I’ve read books from the perspective of very cynical characters, and they were interesting and sometimes relatable; but then, there was no redeeming point. There was no acknowledgement of the flaws at hand, either by the author, narrator, or main character. There was no attempt towards character development. Just a book long rant of a teenage superiority. Yeah, that’s not my favorite thing. Though I’m very open minded and I’m sure there are some good books with that issue, but usually when there are, it’s because we learn from them, in which case the author would indeed be acknowledging the flaws, however subtly, so….
Some, many, classic older books tend to have the morally perfect character with one flaw thrown in that needs to be ironed out. Once that flaw is indeed remedied, they all live happily ever after, the preachy moral of the story has been dished out, and it’s all good. Alright, that’s fine. They are not trying to write like today’s books. The character aren’t realistic or relatable, because they aren’t three dimension- they are just tools to get the lesson across. They are just there to embody something, but they aren’t much in themselves. Some of these type books are very good, and they do have their place, perhaps a bedtime story or a family devotional. But I personally don’t like this at all, and I know if I saw it in modern fiction, it wouldn’t be labeled as a great thing, it’d be amateur. It’s just a sign of the times, and that’s okay. But yeah. I wouldn’t encourage emulating this. At all.September 9, 2015 at 10:05 am #5528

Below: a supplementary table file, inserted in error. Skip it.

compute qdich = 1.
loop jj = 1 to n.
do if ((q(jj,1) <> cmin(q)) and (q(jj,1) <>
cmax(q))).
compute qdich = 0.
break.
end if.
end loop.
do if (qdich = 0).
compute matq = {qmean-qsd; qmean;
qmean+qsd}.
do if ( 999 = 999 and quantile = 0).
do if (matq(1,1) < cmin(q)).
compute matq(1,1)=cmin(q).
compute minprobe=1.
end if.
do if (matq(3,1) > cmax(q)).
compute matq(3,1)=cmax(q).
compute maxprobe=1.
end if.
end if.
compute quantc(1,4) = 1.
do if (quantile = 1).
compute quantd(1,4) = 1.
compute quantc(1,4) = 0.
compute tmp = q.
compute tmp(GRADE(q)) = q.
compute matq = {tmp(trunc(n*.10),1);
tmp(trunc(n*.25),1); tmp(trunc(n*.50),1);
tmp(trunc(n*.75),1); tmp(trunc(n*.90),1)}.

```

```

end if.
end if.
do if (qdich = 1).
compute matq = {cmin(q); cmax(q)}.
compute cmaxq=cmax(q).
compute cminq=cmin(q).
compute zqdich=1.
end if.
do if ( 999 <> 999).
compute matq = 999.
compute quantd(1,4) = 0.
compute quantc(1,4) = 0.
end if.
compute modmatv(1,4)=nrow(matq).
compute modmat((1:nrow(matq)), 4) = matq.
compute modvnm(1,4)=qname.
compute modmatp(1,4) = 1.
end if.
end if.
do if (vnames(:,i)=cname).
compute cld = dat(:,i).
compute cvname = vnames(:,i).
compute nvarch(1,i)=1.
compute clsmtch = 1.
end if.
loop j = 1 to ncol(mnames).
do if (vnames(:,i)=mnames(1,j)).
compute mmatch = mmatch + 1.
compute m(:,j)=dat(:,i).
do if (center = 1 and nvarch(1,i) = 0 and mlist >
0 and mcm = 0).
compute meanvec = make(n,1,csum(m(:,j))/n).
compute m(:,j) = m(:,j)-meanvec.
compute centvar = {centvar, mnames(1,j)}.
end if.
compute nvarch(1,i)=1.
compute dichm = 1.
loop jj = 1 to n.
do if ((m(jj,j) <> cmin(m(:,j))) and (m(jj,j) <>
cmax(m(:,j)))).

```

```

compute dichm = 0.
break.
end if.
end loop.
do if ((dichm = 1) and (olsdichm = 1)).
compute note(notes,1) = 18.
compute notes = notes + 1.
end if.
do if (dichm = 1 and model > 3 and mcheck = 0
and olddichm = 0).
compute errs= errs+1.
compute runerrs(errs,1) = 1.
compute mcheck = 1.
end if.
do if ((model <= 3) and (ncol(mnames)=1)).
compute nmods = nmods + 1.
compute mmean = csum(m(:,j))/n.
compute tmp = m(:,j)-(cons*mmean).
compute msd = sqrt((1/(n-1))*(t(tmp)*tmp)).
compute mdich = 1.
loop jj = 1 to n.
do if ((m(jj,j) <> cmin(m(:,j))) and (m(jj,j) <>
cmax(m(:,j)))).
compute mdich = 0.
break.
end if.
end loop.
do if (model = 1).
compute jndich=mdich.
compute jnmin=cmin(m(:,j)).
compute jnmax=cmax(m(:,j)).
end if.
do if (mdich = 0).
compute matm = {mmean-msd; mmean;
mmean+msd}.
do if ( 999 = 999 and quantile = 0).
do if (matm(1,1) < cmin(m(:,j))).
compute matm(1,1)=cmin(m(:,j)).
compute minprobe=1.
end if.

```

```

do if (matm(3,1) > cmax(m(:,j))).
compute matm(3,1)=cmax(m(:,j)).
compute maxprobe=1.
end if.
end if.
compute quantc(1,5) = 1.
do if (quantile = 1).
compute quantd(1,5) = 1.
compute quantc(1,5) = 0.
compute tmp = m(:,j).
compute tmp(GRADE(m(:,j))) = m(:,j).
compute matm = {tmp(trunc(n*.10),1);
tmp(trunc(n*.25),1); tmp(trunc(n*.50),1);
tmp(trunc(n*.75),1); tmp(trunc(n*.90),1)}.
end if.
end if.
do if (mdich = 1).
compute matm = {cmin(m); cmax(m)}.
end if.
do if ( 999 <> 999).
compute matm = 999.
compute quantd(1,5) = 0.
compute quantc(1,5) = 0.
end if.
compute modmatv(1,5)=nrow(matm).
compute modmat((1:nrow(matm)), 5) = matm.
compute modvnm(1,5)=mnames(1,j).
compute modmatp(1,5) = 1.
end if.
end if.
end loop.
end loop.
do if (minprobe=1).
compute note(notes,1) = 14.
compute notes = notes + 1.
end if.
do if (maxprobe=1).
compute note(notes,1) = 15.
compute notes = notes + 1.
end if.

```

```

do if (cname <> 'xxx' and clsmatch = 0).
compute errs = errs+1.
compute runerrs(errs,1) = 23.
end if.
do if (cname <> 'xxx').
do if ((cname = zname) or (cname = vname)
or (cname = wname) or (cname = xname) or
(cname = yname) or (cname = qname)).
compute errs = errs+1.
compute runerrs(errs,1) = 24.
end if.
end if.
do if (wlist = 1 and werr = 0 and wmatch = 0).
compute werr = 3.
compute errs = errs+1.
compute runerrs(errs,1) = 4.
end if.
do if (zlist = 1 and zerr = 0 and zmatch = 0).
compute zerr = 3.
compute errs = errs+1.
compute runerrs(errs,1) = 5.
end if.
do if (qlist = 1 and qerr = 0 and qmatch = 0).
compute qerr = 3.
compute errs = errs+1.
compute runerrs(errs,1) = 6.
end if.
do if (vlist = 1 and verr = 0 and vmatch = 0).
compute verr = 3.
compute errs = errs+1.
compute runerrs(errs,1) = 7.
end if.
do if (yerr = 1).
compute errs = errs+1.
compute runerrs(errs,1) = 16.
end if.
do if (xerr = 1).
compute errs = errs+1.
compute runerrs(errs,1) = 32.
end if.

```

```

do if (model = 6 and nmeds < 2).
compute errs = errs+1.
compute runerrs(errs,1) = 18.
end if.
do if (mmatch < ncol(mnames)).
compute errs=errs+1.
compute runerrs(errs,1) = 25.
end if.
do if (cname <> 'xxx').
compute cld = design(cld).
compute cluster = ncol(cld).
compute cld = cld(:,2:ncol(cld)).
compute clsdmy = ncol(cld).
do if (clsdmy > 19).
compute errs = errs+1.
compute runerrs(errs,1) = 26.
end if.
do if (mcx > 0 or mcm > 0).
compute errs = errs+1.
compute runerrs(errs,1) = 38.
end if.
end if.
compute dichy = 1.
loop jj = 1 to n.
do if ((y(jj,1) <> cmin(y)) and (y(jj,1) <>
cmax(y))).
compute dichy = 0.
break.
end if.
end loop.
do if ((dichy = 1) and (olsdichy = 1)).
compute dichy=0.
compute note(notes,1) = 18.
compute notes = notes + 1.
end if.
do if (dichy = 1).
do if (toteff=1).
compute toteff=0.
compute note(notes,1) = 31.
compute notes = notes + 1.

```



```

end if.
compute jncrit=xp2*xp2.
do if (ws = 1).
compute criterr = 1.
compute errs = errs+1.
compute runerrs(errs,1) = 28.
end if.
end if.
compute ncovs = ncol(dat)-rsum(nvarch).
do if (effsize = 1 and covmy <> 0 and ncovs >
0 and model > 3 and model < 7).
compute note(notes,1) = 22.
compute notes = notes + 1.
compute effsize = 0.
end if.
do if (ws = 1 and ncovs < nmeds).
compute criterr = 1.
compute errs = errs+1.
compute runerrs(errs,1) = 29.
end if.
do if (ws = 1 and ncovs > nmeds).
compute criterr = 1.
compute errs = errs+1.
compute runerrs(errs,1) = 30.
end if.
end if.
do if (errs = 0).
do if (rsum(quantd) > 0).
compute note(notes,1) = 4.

When however you see that perfect character repeated continually, you start to go, “Not again”.
Gulp… Listen to Daeus on this one, guys. He’s uniquely qualified to be offering an opinion.
Okay, first things first. On the podcast Mr. Davis used Aragorn as an example. Good choice of example. I think a lot of what made Aragorn such a great character even though he had no major character flaws was his introductory scene. He was sharp and blunt and not exactly very considerate to poor Butterbur—called him a fat innkeeper who only remembered his own name because people shouted it at him all day. And for the first part of his part of the story you are practically convinced he is a scoundrel and trying to take advantage of the hobbits. So you remember that scene even as you get to know Aragorn better, and it sticks with you that he certainly can be sharp, almost rude, if the occasion demands it.